By reuniting two domains of archaeological research that often have been separate - the symbolic images of rock art, with the material culture of the body – we aim to show that the painted representations of dress and dressed bodies might contribute to enlighten our understanding of dress as a significant cultural practice among past Bushman communities and; to point out how keeping a perspective of dress and bodily practices in focus of rock art analyses might change or increase our understanding of the complex and often ambiguous images.


Lee Watkins: Connecting the decolonial moment with collaborative practices at the International Library of African Music (ILAM-RU).

I argue that it is through connectivity that an epistemology of music associated with the future of a music archive begins to emerge. In recent years there have been increasing demands for a decolonised curriculum at universities in South Africa. As yet there is little to no clarity on what a ‘decolonised curriculum’ means in real terms especially in the context of most music departments, who, with the support of university management, perpetuate a curriculum based on Euro-American art musics. These forms of music are subsidised at enormous expense to the revival and continuation of African traditional and African art music.

The demands for a ‘decolonised’ music archive such as ILAM were vociferous. ILAM and its founder, Hugh Tracey, came under the spotlight for his apparent complicity in advancing the interests of British colonialism. His recordings and collection of music instruments were deemed the ill-gained pickings of colonial privilege. Indeed, with these associations, reimagining the archive became a matter of urgency. In this paper, I will discuss the various means, from the digital to the personal, by which ILAM navigates its way towards a new reality. Through aspects such as music education, the repatriation of recordings, music research, performance and music pedagogy, within the context of decolonial praxis rather than rhetoric, I will argue for collaboration as a vital tool in forging a particular discourse of music which should address the demands for a decolonialised music culture at universities. The extent to which performers through ILAM’s network had resulted in connectivity among similarly enthused music scholars informs much of the discussion in this paper.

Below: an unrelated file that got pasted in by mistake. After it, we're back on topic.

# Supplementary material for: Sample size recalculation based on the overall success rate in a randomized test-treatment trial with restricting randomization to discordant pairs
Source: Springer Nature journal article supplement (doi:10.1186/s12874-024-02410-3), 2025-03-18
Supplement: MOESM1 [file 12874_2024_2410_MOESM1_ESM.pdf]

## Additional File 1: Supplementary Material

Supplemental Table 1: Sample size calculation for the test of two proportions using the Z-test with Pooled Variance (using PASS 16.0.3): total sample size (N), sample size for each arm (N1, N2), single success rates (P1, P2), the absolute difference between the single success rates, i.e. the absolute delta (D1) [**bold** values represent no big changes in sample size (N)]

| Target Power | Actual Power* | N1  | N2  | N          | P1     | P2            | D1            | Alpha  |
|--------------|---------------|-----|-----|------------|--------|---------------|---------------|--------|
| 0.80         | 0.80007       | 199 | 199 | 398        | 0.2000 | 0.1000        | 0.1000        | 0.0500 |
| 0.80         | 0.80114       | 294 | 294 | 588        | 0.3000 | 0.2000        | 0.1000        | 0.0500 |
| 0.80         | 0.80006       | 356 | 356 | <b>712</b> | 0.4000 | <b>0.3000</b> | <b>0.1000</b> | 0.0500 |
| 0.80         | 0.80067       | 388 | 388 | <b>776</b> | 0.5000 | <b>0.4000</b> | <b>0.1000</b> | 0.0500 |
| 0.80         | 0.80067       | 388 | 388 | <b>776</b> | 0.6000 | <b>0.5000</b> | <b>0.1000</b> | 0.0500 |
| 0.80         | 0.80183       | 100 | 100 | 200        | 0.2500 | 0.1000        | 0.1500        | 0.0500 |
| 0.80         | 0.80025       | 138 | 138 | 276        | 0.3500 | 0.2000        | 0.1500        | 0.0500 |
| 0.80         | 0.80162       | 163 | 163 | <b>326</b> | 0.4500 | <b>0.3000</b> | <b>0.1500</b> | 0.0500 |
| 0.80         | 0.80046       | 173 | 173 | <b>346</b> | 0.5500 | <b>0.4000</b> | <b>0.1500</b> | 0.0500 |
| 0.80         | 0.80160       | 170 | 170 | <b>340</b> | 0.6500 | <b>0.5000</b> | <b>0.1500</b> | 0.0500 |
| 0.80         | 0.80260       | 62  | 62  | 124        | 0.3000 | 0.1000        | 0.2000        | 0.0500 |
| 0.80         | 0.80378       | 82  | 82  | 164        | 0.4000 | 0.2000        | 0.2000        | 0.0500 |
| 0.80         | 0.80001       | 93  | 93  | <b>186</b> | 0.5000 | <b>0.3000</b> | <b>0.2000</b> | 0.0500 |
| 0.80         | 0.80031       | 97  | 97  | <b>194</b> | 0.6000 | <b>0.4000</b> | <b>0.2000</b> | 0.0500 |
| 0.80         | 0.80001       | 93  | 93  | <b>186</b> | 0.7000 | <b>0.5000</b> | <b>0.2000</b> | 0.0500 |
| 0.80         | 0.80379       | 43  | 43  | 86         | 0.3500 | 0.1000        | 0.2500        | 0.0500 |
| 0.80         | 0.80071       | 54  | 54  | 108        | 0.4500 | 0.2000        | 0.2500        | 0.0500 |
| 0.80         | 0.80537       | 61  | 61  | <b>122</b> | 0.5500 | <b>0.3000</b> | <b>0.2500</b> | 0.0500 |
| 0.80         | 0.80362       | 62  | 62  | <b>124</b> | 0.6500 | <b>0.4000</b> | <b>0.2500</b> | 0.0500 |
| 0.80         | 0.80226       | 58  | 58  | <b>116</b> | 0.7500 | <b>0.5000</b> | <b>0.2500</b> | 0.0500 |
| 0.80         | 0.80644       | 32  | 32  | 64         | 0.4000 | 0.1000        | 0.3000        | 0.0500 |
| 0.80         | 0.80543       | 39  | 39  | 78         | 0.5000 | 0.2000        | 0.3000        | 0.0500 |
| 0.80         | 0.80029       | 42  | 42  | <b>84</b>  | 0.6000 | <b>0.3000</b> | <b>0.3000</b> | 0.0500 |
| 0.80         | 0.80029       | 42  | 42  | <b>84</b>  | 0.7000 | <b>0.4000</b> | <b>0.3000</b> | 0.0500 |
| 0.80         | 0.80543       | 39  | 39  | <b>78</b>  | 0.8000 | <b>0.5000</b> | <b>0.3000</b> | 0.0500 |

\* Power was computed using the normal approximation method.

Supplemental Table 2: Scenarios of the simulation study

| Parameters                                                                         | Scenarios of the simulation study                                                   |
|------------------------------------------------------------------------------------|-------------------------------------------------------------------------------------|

Leslie Witz: What is our history? The SACHED / Wits History Workshop Write Your Own History Project, the Lwandle Migrant Labour Museum and the University of the Western Cape Robben Island Museum Mayibuye Archive[1]

This is a conference paper that I delivered last year at the South African Historical Society conference and I am thinking about what I should do with it. At the time I was also thinking about the 40th anniversary of the Wits History Workshop which was being commemorated during the conference and I wanted to contribute to the discussion. Indeed, I appeared in one of the photographs on the commemorative exhibition in the corridors of the conference at the University of the Witwatersrand and I had somewhat mixed feelings about that. There was a sense of happiness in being appreciated and recognised for the work I had done as part of the History Workshop. But I was also uneasy that the History Workshop, which prided itself so much on rigorous engagement was indulging in a romantic endeavour that had not taken on board any of the many critiques of its work, some of it emanating from the Department of History at UWC. The paper you now have before you is quite experimental, auto-biographical and frankly may be a little self-indulgent. Maybe its best left to rest and not seek publication. Many of us have similar such writings. And if I do try and publish it, where? And what should be done to it for such a publication? Any ideas, suggestions and (damning) critiques are all welcome.


[1] Thanks to Noëleen Murray for comments and suggestions on an earlier draft of this paper.  


John Wright and Cynthia Kros: Chapter 3 - Moving beyond Master Narratives

In this paper we present a draft of one of the four introductory chapters to a book of essays that we are editing together with Mbongiseni Buthelezi and Helen Ludlow. At present we are working to the title Ezakudala / Tsa KgaleExploring the Archive of Times Past. The book is aimed at a non-specialist readership of senior undergraduates, teachers, educationists, heritage workers, museum workers, archival workers, and interested members of the public. It has 16 authors, who are working on some 20 essays. Most of the essays recount the personal engagements of the authors with a particular ‘source’ on the history of the KwaZulu-Natal and Limpopo-Gariep regions in the two or three centuries before 1900.